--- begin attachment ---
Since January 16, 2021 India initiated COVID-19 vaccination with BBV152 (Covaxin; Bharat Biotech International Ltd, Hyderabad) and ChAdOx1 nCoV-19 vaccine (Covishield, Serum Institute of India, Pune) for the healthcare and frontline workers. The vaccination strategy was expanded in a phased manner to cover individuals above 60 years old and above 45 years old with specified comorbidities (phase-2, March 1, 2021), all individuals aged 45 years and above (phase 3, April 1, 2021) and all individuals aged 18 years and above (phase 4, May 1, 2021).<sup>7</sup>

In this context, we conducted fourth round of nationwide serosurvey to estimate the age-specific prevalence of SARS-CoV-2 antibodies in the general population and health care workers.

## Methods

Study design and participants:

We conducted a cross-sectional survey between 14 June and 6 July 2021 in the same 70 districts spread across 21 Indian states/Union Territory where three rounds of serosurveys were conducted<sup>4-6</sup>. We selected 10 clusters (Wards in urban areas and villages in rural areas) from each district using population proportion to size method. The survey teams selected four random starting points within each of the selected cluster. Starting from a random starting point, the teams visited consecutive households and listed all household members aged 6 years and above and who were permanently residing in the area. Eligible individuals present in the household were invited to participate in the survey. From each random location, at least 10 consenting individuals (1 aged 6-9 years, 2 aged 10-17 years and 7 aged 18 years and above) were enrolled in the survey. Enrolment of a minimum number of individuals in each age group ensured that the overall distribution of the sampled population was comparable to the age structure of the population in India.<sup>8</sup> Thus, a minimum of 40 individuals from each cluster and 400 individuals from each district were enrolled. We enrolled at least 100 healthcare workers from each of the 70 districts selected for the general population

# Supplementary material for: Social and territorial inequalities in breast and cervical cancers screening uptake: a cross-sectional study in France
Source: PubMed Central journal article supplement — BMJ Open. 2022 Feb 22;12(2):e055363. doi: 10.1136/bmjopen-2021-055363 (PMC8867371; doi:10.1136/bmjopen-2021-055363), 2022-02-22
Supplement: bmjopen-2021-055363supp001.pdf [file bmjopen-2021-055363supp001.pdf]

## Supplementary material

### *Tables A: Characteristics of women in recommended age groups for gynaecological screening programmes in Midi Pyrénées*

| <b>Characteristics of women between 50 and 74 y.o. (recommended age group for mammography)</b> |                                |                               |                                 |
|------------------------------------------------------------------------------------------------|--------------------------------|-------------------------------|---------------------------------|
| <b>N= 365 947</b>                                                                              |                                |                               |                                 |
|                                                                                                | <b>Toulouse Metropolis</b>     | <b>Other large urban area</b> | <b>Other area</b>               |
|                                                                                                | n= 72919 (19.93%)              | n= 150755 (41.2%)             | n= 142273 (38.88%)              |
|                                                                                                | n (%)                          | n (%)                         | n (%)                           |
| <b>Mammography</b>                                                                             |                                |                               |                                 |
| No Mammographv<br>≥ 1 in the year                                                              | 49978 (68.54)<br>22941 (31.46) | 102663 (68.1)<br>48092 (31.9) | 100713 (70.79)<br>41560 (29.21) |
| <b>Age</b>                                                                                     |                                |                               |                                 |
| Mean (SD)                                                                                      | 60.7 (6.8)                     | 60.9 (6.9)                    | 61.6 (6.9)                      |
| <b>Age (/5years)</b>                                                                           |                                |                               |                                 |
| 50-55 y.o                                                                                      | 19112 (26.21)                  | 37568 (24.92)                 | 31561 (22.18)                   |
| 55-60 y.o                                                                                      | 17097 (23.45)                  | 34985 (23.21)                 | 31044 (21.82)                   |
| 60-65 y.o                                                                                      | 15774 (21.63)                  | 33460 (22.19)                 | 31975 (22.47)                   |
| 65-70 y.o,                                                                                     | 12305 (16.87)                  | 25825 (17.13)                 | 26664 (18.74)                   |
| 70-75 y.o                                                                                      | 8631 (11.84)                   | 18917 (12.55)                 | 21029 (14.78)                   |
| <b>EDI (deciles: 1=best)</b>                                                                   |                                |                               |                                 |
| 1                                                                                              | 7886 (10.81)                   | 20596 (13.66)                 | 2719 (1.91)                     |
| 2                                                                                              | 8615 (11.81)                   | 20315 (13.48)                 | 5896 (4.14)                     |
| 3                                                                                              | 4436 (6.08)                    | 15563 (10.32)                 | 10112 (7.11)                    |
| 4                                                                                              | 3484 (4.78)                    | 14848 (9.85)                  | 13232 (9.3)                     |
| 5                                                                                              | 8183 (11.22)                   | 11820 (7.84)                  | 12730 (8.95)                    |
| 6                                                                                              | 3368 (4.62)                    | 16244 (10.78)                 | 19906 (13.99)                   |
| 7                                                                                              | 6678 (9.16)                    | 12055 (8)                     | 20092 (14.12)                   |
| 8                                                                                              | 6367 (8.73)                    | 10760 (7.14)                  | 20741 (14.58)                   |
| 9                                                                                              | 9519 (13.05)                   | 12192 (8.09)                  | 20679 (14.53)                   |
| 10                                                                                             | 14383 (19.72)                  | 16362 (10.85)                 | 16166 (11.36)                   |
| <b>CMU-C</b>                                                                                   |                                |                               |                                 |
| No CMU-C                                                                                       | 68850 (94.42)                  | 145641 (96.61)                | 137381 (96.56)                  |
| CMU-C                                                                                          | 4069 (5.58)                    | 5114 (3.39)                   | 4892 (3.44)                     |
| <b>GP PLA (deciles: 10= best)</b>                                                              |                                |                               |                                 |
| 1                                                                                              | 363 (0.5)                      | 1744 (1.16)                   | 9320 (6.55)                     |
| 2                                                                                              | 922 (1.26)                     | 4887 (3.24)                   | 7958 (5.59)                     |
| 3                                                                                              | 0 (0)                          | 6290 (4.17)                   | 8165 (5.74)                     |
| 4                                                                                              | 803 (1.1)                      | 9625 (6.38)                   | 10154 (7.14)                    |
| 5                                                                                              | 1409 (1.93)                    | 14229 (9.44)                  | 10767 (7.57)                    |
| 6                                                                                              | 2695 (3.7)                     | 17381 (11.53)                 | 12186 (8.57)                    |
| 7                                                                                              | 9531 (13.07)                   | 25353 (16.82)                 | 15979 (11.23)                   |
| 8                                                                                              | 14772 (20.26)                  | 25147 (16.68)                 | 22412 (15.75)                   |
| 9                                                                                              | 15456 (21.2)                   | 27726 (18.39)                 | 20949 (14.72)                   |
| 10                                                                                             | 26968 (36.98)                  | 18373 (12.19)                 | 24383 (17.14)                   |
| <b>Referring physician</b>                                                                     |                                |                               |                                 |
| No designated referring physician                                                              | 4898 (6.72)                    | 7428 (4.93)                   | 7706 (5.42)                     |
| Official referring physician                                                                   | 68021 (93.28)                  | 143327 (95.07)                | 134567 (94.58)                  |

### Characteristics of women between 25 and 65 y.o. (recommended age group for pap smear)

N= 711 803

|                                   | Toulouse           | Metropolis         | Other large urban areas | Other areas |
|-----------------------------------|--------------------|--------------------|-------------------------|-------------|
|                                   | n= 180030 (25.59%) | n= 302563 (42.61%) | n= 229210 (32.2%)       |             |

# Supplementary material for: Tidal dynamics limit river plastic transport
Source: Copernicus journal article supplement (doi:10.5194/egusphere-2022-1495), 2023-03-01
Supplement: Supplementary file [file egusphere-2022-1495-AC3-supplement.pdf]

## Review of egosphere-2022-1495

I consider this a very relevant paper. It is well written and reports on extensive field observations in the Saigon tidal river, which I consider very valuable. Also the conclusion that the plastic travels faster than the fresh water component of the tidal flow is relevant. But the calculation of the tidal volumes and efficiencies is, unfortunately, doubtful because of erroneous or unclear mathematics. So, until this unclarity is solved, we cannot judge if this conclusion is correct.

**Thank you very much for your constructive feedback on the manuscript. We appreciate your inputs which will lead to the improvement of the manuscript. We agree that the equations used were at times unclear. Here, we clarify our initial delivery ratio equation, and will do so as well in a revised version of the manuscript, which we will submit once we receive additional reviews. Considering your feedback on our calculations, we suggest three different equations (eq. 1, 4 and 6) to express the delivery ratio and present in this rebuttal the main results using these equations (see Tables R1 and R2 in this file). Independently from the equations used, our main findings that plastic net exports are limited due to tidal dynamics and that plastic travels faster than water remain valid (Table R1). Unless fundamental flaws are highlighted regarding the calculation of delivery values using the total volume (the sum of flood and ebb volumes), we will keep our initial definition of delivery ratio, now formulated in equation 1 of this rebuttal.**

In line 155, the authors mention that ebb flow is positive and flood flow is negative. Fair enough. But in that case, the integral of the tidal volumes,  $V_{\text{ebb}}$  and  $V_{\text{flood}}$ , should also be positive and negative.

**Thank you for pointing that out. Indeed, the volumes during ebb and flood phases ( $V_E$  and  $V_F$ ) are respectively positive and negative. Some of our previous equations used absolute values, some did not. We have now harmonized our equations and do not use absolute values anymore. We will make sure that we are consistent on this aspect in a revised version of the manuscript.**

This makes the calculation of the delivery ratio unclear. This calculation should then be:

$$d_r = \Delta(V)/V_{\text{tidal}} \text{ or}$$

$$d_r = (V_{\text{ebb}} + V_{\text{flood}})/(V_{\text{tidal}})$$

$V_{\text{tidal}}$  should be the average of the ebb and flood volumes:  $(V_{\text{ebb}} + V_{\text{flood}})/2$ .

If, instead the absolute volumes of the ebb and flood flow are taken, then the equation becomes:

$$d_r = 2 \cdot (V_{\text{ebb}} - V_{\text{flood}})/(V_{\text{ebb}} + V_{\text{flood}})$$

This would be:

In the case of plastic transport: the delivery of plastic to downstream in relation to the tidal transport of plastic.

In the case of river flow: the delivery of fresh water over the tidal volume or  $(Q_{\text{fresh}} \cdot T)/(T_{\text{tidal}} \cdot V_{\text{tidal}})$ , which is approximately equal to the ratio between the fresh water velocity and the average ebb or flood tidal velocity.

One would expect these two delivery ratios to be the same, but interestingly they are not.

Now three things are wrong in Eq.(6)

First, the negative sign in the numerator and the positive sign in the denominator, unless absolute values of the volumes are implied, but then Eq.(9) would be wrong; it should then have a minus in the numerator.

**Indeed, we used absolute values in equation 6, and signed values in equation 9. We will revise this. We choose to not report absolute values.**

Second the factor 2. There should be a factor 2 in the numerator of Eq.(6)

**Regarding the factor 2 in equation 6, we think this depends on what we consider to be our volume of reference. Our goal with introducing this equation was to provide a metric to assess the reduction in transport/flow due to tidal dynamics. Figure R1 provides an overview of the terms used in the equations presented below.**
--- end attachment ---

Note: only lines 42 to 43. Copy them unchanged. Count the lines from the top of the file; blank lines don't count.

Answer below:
| 1                                                                                              | 363 (0.5)                      | 1744 (1.16)                   | 9320 (6.55)                     |
| 2                                                                                              | 922 (1.26)                     | 4887 (3.24)                   | 7958 (5.59)                     |